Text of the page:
Mote Marine Laboratory is on the Western coast of Florida, and is heavily engaged in monitoring, assessing, and studying the Florida Red Tide, attributed to the dinoflagellage Karenia brevis. There is no shortage of papers about the nutrient pollution and environmental factors that both contribute and respond to the Red Tide, nor about its impacts, including our recent article in Mission: Water magazine, Red Tide Monitoring in the Gulf of Mexico | From Cells to Satellites. But Kirkpartick’s talk took us to a different time and space, almost literally! 

Sunspot records date as far back as the 17th century and qualitative assessments of red tides can be traced to as early as the mid-19th century. Evaluating them together revealed that there is a lag-style response of red tides to the solar cycle, with recorded blooms following the peak periods of solar radiation (low sunspot counts) by about two months. As Kirkpatrick pointed out, this does not discount the influence of other environmental conditions upon red tides, nor would red tides be unique in this response since many biological cycles are shown to be influenced by the solar cycles. So while this audience member thought this was waaaaaaay cool, upon reflection it really should come as no surprise that this correlation exists. What did come as a surprise was the diligent collection and analysis of the historical data that enabled the Mote team to demonstrate this principle. I can’t recall ever seeing data from the 17th century cited at a biology-flavored conference.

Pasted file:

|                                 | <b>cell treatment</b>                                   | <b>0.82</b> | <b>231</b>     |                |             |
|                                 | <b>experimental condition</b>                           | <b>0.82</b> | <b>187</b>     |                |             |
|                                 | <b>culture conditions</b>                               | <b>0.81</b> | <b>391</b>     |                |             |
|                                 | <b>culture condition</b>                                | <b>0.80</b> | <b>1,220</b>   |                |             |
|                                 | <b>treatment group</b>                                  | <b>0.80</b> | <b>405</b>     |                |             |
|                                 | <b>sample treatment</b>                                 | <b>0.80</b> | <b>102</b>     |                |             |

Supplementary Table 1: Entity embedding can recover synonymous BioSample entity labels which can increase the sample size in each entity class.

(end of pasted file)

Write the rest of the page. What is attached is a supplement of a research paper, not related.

But beyond the immensely high coolness factor, why does this matter? One reason is that today’s Florida Red Tide watchers are taking advantage of tools like NOAA’s Gulf of Mexico Harmful Algal Bloom Forecast. This sophisticated and ever-improving forecast incorporates cell count data, satellite-visualized pigment intensities, and current data to present a snapshot of Karenia brevis growth as well as a 3-4 day forecast for a bloom. 

Should the solar cycle also be considered in these forecasts, or could the solar cycle influence longer-term forecasts? Such thought-provoking outcomes are exactly why a talk like this one matters.

2) HAB Stakeholder and Community Meeting

(Hosted by the University of South Alabama’s Dauphin Island Sea Lab (DISL) and the Mississippi-Alabama Sea Grant Consortium (MASGC), moderated by Drs. Alison Robertson (DISL) and Melissa Partyka (MASGC).